On Friday, Jewish families around the world will gather to celebrate Passover and recount the exodus from Egypt.
But for many British Jews, an altogether more contemporaneous subject is also likely to be on the agenda at the festive meal.
On Monday, the leadership of Britain's biggest Jewish groups organized an unprecedented demonstration outside the UK Parliament, accusing Labour leader Jeremy Corbyn of turning a blind eye to a resurgence of anti-Semitism in British politics, particularly within his own party.
For some at the protest, the prospect of Corbyn becoming the next leader of Britain -- which came into sharp focus when Prime Minister Theresa May's working majority was wiped out in last year's general election -- is a sobering one.
"As a Jewish community in London, we're pretty scared," protester Freddy Clode told CNN.
"Being Jewish myself, it frightens me what he's about."
This week's demonstration was the culmination of frustration that has simmered since Corbyn's surprise election as Labour leader in 2015 catapulted him from a marginal figure on the far left of British politics to the mainstream alternative to Theresa May.
For much of his career, Corbyn, an outspoken critic of Israel and a fierce campaigner for Palestinian rights, remained on the far-left fringes of his party. But his victory in the 2015 leadership election has drawn scrutiny to some of the company he has kept in the past -- and has coincided with a rise in anti-Semitic rhetoric directed in particular at some of those within the Labour Party who opposed his candidacy.
Corbyn's detractors point to his association with Paul Eisen, a Holocaust denier, his defense of Reverend Stephen Sizer, who shared materials online linking Jews to the 9/11 attack, and welcoming visitor Sheikh Raed Salah to Parliament -- the false accusation that Jews have murdered Christian children to use their blood in rituals.
He has also referred to Hamas and Hezbollah as "friends" though he later said he regretted using such language.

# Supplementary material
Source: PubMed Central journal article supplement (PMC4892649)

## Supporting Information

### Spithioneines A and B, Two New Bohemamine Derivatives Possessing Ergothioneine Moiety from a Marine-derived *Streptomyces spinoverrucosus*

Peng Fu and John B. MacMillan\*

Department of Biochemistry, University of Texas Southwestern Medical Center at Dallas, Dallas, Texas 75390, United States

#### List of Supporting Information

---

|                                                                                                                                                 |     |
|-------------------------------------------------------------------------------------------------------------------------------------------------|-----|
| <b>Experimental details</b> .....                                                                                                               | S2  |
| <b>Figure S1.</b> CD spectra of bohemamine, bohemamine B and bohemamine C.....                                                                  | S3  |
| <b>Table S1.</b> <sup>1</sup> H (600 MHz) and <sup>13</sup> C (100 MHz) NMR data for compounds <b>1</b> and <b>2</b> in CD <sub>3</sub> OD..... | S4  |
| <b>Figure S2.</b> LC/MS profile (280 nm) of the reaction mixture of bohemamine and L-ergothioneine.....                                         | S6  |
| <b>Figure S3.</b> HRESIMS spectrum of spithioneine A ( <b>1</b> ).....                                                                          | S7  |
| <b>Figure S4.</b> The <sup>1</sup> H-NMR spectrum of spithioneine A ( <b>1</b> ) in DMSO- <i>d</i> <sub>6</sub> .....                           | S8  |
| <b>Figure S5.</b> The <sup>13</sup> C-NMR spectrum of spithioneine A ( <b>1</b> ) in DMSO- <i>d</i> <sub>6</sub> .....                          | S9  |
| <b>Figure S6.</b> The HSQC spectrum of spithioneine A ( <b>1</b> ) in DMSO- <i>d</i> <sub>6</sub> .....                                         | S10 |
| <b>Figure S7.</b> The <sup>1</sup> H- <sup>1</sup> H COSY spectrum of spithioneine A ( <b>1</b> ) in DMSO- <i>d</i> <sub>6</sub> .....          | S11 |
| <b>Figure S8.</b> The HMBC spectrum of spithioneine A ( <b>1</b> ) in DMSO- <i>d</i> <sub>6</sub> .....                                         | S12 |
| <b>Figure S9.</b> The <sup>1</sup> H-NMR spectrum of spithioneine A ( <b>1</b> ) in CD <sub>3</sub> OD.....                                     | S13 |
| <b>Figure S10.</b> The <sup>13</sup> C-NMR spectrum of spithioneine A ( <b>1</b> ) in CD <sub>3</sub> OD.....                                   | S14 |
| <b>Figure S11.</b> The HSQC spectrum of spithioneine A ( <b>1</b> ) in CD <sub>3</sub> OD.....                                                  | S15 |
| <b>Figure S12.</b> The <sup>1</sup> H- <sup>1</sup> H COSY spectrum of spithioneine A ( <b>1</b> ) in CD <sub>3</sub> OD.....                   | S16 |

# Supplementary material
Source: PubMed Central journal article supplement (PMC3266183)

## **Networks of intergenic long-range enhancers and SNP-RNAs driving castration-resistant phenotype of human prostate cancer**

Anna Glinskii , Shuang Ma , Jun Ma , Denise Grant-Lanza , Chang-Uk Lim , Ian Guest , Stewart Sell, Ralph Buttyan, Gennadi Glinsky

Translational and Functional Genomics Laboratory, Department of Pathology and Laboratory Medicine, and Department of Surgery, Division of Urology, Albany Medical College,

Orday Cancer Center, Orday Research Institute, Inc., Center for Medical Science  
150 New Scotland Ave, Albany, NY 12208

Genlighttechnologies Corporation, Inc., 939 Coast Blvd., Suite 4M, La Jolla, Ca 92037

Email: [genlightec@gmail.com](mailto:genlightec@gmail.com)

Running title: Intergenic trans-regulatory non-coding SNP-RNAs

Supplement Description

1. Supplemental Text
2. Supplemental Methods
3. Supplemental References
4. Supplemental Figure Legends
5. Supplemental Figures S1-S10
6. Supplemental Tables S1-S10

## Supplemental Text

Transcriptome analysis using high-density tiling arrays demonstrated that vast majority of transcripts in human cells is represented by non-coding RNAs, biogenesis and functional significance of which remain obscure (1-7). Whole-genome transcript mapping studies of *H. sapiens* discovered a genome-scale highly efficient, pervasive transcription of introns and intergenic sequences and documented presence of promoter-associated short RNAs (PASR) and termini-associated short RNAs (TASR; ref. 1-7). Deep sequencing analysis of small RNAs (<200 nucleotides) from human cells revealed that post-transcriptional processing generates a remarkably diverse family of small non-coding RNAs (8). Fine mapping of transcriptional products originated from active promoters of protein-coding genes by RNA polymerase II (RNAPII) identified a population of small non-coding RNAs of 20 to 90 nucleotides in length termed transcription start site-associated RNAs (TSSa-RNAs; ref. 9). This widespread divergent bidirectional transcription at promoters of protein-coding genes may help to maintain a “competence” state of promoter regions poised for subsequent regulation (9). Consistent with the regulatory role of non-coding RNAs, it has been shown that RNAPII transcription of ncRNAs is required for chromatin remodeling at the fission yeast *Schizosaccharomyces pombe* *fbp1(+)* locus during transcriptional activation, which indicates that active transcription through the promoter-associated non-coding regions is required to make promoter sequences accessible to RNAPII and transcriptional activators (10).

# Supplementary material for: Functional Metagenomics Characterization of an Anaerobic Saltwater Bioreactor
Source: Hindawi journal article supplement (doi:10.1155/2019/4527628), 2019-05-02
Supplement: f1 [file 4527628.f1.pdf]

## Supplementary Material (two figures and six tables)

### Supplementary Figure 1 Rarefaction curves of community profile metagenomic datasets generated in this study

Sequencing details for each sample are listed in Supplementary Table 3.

More recently, it was also revealed that Corbyn was a member of two Facebook groups, "Palestine Live" and "History of Palestine" in which anti-Semitic commentary and imagery was prevalent. Corbyn said he was added to the groups by other people and removed himself after their content was brought to his attention.
Corbyn's allies have also drawn fire. Former Mayor of London Ken Livingstone was suspended after claiming Hitler was a Zionist. Another Labour lawmaker, Naz Shah, was also suspended over remarks she made over Israel on Facebook.
A number of Labour local councilors and supporters, predominantly from the Corbynite left of the party, have also been caught up in allegations of anti-Semitism.
While his critics do not believe Corbyn to be an anti-Semite, he has, according to Labour lawmaker Margaret Hodge, allowed himself to become the "poster boy for anti-Semites everywhere."
Corbyn has repeatedly defended himself, insisting he is committed to tackling anti-Semitism and all forms of racism.
But his efforts have been widely criticized, including a 2016 Labour party inquiry into anti-Semitism which led the author of the report, Shami Chakrabarti, to conclude there was "too much clear evidence... of ignorant attitudes". Corbyn described the report as important and said it would help the party set the "gold standard" on anti-racism. But the Vice President of the British Board of Deputies, Marie van der Zyl, called it a whitewash.
There was also further consternation when Corbyn appointed Chakrabarti, who had been cast as an independent figure, to the House of Lords and made her a member of his shadow cabinet.
But the defining moment came last week, when a Labour MP demanded to know why Corbyn had offered his support in 2012 to a graffiti artist whose mural featured several anti-Semitic tropes.
The mural, by a street artist known as Mear One, appeared to show Jewish bankers playing Monopoly with their table resting on the backs of bent-over workers. It was threatened with removal by a local London council.
"Why," asked Corbyn in a Facebook comment. "You are in good company. Rockerfeller [sic] destroyed Diego Viera's [sic] mural because it includes a picture of Lenin."
Labour badly fumbled its response. An initial brief statement, issued by a spokesman for the leader, was widely derided as inadequate. Only after Corbyn's own MPs expressed fury was a further statement issued, this time in Corbyn's name, which offered a more expansive expression of regret.
"I sincerely regret that I did not look more closely at the image I was commenting on, the contents of which are deeply disturbing and anti-Semitic," Corbyn said."I am opposed to the production of anti-Semitic material of any kind, and the defence of free speech cannot be used as a justification for the promotion of anti-Semitism in any form."
But it was too late, and at the weekend the British Board of Deputies and the Jewish Leadership Council, two bodies which represent mainstream British Jewry, called for a demonstration.
Freddy Clode, 25, felt he had to come out and protest, despite the short notice. At the protest, his brother Gus held an image of Corbyn's face with his famous slogan of "For the many, not the few" rewritten as "For the many, not the Jew."
The brothers said the complaints of anti-Semitism leveled at the Labour leader have been ignored.